The cheek teeth are low-crowned, with obtuse cusps. The anterior part of the lower canine is broken. It is conical, with its top bending posteriorly. The transverse section is oval, with the major diameter extending longitudinally. The anterolingual crest is distinct and continuous with the lingual cingulum. No distinct buccal cingulum can be seen. No diastema is present between c and p1. The p1 is single cusped and was heavily worn on the anterior and buccal sides. The crown is conical, with the main cusp standing anteriorly. The short anterior crest is steep and the long posterior crest slopes gently. A cingulum is present on the lingual and posterior sides. The tooth has a single root, stretching posteriorly. There is a tiny gap between the p1 and p2 (0.2 mm). The p2 and p3 are crowded and similar in structure. As in p1, the main cusp stands anteriorly, with a short, steep anterior crest and a long, gently sloping posterior one. The anterior crest is slightly more concave on p3 than on p2. The accessory cuspid on the posterior crest is vestigial on p2, but distinct on p3. A cingulum runs around the teeth. Each has two roots. The p4 is larger and higher than p3 and separated from p3 by a tiny diastema (1 mm). The main cusp is high and stands vertically. The anterior longitudinal crest is distinct and the posterior crest is short. The posterior accessory cuspid is well developed and separated from the posterior crest of the main cusp by a distinct notch. The cingulum encircles the tooth. It meets the anterior crest of the main cusp to form a small cuspid at the anterior end of the tooth. The posterior cingulum thickens and forms a talonid-like crest. The m1 is low crowned and long. The trigonid is subequal to p4 in height. The three main cusps are obtuse. The protoconid is the highest. The paraconid extends anterolingually, is separated from the protoconid by a notch and is higher than the metaconid. The metaconid stands posterolingual to the protoconid, is separated from the latter by a shallow notch, and can hardly be seen from the buccal side. The talonid is low and round. The hypoconid is large, extending longitudinally. Due to wear, its height is unknown. The entoconid is distinct on the lingual cingulum. The anterior cingulum is on the anterobuccal base of the trigonid. The posterior cingulum extends from the posterior end of the hypoconid to the posterior base of the metaconid, closing the talonid basin at the posterolingual corner. The m2 is oval in occlusal view. The protoconid and metaconid are subequal in size, opposite to each other and connected by a transverse crest. Along the anterior margin a low crest extends from the anterior base of the protoconid lingually. No distinct paraconid is present. The talonid is similar to that of m1, but slightly narrower. The hypoconid is developed. The cingulum extends around the talonid and closes the talonid basin. No distinct entoconid can be seen. The missing m3 had an alveolus for one root.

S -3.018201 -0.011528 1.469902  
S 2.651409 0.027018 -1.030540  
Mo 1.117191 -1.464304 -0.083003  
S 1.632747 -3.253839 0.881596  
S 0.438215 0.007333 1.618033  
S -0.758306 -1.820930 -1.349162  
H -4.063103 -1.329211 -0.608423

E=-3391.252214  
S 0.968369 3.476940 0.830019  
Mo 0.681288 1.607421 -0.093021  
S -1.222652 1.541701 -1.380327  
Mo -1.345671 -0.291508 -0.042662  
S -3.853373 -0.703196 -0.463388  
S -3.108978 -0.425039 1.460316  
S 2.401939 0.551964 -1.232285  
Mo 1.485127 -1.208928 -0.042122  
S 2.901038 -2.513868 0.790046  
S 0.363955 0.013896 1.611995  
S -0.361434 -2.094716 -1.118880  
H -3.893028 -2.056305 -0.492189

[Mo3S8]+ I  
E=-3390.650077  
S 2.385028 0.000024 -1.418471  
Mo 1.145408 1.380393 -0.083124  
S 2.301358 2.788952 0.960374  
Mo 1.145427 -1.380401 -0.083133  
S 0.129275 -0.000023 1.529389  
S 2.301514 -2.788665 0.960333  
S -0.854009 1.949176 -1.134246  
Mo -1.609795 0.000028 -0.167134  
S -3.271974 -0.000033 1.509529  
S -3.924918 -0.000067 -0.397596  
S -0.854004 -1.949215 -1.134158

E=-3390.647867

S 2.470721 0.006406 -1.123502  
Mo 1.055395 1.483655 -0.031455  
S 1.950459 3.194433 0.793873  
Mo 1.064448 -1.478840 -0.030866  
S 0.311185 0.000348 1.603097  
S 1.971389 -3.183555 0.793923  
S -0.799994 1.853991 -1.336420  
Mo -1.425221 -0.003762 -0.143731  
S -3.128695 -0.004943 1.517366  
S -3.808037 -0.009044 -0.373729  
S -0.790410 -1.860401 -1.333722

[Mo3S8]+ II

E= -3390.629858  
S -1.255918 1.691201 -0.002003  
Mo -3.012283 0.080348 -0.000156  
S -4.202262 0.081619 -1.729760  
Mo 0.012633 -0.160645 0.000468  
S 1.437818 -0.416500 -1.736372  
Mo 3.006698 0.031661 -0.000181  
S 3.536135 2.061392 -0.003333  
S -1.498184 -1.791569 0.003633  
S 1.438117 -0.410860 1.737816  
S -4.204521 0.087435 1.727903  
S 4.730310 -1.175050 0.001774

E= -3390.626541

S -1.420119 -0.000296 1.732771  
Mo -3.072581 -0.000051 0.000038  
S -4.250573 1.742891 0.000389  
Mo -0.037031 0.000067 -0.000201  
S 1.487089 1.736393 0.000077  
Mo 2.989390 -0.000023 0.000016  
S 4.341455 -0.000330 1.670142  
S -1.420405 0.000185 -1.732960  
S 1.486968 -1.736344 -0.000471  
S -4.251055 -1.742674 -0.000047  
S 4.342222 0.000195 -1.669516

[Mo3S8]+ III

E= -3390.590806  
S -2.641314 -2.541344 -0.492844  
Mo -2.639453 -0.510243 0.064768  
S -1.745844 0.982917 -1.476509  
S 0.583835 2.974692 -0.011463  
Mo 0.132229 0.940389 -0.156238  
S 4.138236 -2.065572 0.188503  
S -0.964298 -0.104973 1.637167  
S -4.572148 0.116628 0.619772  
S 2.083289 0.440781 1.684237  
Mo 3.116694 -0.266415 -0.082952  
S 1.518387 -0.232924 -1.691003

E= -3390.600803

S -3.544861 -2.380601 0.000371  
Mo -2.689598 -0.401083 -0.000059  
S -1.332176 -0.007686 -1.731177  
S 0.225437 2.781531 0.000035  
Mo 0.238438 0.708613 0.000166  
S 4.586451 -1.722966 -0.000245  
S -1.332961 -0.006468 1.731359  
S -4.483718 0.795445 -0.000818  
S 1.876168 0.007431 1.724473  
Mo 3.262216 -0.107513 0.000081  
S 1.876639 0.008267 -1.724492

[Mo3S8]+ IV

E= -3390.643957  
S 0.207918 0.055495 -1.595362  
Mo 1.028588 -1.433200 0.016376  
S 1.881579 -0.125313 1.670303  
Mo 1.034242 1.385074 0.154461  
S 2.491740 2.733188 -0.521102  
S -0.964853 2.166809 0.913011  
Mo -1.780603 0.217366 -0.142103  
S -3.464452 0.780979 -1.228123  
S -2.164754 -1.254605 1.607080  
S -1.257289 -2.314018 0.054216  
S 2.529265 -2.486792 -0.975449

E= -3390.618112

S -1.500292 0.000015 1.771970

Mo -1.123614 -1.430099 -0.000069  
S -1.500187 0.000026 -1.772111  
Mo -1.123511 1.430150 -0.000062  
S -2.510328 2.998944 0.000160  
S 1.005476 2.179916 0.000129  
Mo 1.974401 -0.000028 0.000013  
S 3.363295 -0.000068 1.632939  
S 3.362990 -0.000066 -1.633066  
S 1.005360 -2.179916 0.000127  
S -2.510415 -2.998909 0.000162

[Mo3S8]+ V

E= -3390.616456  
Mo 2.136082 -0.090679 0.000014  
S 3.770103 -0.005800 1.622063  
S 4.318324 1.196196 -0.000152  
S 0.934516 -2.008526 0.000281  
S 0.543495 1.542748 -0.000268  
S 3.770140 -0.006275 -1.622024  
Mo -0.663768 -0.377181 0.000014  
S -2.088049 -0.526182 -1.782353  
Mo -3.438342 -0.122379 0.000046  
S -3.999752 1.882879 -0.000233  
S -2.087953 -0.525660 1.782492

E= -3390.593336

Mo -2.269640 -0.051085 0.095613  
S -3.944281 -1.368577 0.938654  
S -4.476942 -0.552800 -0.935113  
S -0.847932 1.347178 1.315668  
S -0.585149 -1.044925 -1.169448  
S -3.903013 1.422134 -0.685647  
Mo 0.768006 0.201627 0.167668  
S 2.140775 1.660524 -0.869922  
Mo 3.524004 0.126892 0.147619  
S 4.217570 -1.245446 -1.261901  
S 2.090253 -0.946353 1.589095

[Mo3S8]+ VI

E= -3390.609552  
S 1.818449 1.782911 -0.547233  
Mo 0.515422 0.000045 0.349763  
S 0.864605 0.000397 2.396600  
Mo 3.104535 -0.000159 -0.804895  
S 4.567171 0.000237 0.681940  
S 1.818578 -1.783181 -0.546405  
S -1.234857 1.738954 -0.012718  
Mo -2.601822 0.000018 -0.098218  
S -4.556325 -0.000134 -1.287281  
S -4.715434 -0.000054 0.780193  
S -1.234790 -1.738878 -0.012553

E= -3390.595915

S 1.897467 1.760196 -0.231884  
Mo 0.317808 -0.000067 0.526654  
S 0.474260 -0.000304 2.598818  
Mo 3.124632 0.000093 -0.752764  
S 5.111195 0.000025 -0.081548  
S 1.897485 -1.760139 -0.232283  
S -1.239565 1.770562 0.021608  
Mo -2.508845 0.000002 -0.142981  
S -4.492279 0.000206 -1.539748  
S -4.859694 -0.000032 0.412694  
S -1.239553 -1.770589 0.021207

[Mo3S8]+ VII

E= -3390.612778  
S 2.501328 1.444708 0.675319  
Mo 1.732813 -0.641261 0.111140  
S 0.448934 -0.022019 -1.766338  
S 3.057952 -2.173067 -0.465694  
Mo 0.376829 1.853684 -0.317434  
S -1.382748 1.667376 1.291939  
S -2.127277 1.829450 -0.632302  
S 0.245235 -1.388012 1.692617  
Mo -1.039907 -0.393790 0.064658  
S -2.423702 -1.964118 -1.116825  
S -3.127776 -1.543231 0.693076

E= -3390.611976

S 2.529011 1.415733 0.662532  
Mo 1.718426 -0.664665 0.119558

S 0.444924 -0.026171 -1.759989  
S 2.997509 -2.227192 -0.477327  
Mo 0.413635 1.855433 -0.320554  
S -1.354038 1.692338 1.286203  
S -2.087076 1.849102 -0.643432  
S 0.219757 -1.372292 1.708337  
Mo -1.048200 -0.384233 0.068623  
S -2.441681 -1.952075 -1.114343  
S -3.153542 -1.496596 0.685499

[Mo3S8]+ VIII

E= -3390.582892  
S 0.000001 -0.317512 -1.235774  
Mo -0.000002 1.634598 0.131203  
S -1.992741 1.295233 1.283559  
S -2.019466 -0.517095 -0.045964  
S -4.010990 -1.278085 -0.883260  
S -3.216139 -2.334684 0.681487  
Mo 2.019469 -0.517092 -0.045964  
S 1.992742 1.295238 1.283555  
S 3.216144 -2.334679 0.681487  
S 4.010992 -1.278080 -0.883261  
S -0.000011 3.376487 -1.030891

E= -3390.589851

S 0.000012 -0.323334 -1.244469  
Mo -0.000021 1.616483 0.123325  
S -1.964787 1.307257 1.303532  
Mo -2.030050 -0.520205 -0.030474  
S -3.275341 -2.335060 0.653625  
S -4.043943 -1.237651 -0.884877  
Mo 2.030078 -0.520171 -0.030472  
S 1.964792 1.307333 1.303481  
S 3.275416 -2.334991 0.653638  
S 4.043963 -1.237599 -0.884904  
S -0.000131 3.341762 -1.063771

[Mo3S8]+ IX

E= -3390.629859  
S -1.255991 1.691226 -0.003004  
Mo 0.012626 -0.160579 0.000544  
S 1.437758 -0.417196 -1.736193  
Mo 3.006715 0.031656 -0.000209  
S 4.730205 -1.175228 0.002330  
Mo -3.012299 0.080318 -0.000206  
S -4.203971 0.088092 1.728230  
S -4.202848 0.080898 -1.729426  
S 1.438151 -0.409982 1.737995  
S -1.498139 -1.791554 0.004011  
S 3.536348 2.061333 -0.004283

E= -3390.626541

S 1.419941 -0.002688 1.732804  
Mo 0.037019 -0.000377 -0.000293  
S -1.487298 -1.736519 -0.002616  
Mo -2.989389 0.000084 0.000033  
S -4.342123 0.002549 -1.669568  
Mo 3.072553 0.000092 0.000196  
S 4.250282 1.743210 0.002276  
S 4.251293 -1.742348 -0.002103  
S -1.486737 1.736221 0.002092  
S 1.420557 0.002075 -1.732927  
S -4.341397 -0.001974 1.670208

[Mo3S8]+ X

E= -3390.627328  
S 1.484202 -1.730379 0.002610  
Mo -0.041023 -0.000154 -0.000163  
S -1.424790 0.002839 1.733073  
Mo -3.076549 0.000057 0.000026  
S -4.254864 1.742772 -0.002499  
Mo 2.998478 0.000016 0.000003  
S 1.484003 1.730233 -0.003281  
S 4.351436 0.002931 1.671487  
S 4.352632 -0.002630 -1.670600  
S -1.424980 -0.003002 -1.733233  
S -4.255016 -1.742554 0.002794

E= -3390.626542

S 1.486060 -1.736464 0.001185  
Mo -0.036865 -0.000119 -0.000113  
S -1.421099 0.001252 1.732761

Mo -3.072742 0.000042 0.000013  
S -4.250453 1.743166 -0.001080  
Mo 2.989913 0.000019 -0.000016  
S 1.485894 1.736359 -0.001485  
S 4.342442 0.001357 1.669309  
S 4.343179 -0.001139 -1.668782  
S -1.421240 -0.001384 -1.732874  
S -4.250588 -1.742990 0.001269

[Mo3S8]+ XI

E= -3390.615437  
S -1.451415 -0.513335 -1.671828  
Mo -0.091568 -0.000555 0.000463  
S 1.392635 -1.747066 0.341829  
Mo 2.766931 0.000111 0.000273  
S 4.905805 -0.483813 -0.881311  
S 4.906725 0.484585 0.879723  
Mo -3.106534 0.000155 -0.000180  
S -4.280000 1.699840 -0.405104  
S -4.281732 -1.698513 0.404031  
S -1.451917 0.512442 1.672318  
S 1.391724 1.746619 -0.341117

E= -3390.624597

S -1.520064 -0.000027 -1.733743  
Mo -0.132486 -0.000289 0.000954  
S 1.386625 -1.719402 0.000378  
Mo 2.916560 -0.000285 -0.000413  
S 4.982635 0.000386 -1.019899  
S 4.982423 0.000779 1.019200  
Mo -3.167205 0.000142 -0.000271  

Lower jaw below m1 (H × T): 11.5 × 5.7; p1–m2 (L): 42.3; p1–p4 (L): 24.5; cheek teeth (L × W): p1, 2.8 × 1.9; p2, 5.6 × 2.8; p3, 6.5 × 3.2; m2, 6.7 × 4.5; m1 (L × TrL × W × H), 12.1 × 7.5 × 5.3 × 6.2.